I am often more irritated than pleased by Apple’s announcements. The notch, features that have been in Android for years being lauded as a revolutionary innovation, dropping the headphone jack…I could go on, but it would be exhausting for both of us. I think it’s important to know what I think about Apple before I move on to discussing this new TestFlight feature.
I believe TestFlight Screenshot Feedback will end up being one of the most important announcements Apple has made in the past 5 years.
What is it?
Here’s a quick demo of the new TestFlight Feedback using RateTheMeet:
Feedback is available to developers almost instantly through App Store Connect.
Testers can now send feedback directly from your beta app simply by taking a screenshot and share detailed feedback with a crash report immediately after a crash occurs. TestFlight 2.3 and iOS 13 beta or later are required. You can view and manage tester feedback in App Store Connect. Visit your app’s TestFlight page and click Crashes or Screenshots in the Feedback section in the left side navigation. You can filter your feedback view by build numbers, app versions, devices, iOS versions, or tester groups. For details on how testers submit feedback, see Testing Apps with TestFlight. For details on viewing and managing tester feedback, see View tester feedback.
Why is it important?
I hope you immediately see why I’m excited about this feature. Managing feedback from users is never a simple task. Since there was no first party flow for collecting feedback on iOS or Android, this was always some sort of custom process. Whether you would do this using a third party tool or an ad-hoc flow like email or an issue tracking system, it would be a hassle for both users and developers to manage feedback.
A first party flow from Apple means that Google Play will likely work to add similar functionality in the near future. It also means I will be driving the majority of my testing through App Store connect and recommending my clients do the same.
Providing an out-of-the-box first party solution for managing feedback will help increase app quality and reduce time spent implementing third-party solutions or handling cumbersome manual feedback mechanisms. Kudos to Apple for leading the way on this important ecosystem improvement!
Since Microsoft purchased Xamarin and ended Xamarin Evolve, there’s been a void in the community. There has been no conference for us to gather, network, learn, share and grow. That was the void Dan Siegel was aiming to fill when he created the @XamDevSummit account and sent out this tweet back in January:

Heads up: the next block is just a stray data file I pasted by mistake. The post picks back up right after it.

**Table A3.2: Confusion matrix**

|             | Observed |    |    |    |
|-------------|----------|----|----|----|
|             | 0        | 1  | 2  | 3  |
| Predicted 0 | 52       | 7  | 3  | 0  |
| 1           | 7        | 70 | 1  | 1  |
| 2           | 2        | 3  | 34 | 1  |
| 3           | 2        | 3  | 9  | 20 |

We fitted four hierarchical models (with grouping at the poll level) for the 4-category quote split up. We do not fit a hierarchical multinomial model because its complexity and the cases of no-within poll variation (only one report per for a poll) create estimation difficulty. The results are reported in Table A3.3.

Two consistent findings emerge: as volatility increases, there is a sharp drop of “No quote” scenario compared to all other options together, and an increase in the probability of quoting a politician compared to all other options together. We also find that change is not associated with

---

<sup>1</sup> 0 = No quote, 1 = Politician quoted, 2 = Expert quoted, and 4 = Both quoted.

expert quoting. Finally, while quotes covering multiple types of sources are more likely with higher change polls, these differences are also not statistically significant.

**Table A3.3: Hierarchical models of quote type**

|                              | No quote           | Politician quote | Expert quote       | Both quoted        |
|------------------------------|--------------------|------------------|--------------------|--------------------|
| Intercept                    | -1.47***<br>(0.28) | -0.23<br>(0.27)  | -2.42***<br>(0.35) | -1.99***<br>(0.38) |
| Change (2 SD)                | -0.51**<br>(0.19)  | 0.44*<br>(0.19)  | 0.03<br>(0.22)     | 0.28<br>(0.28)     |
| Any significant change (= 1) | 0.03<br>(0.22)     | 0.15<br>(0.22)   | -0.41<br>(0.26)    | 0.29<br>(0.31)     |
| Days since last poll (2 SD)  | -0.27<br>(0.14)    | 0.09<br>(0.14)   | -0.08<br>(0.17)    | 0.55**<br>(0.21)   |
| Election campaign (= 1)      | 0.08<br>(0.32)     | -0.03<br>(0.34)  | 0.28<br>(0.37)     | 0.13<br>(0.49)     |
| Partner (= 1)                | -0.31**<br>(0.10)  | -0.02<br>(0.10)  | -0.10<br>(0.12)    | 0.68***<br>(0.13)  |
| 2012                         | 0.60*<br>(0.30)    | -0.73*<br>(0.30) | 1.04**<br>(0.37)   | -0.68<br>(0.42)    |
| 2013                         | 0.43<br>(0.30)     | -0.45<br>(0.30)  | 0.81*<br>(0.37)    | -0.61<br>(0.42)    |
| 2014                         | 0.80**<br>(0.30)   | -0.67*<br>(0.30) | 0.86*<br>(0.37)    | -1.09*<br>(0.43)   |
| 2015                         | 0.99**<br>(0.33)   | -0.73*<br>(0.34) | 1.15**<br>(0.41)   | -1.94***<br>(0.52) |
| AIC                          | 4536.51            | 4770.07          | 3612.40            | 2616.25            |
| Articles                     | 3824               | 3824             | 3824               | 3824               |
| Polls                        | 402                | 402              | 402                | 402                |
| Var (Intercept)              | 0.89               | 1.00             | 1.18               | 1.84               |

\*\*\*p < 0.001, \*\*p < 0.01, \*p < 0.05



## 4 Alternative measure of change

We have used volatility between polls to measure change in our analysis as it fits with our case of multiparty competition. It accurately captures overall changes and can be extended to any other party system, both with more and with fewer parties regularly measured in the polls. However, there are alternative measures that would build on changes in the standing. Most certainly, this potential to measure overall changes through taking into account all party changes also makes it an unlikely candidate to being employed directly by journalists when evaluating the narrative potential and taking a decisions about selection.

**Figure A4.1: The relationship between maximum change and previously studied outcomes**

People have been asking for Xamarin Evolve… well get ready for the next best thing. You might want to call it Evolve Redux… we call it the Xamarin Developer Summit. Coming to Houston in July 2019. Be sure to follow us for more updates. #XamDevSummit2019
Since founding the Toronto Mobile .NET Developers Group back in May of 2017, I have had the pleasure of interacting with the local Xamarin community. You may not have that luxury. Xamarin Developer Summit would be a great opportunity to interact with mobile developers, build friendships, collaborate and explore ideas.
Houston: Space City
In addition to all the fantastic opportunities of the conference, I’m also looking forward to checking out Houston! I’ll be aiming to get to Space Center Houston as soon as I get a chance. I’m also going to be eating as much local food as possible: chicken-fried steak, Texas BBQ and crawfish!
When testing apps, I generally use a combination of 3 tools for distribution. It’s important to understand the strengths and weaknesses of the various available tools to easily onboard testers and gather feedback.
I’ll only be touching on App Center Distribute, none of the other features. I would say that it’s worthwhile to use Microsoft App Center for the distribution features alone. There are other valuable features in the App Center product which I will likely cover in future articles.
App Center Distribute is overall a fantastic, robust tool for distribution. It’s great for small test groups and power users.
Internal QA teams
Small groups of external testers
iOS (and iPadOS – sigh) and Android
Free, don’t need Apple’s blessing to push out changes
Android apps are extremely easy to manage
Multiple versions available to test at the same time (this is big)
Uses iOS ad-hoc distribution. This means all devices you want to use to test need to be registered through Apple, and the app is packaged with a list of the registered devices and on install iOS checks to make sure the device you’re installing to is on the list. Even though you can register devices and re-package apps through App Center (really fastlane under the hood), it’s still a cumbersome process that involves manual steps from testers and admins/developers.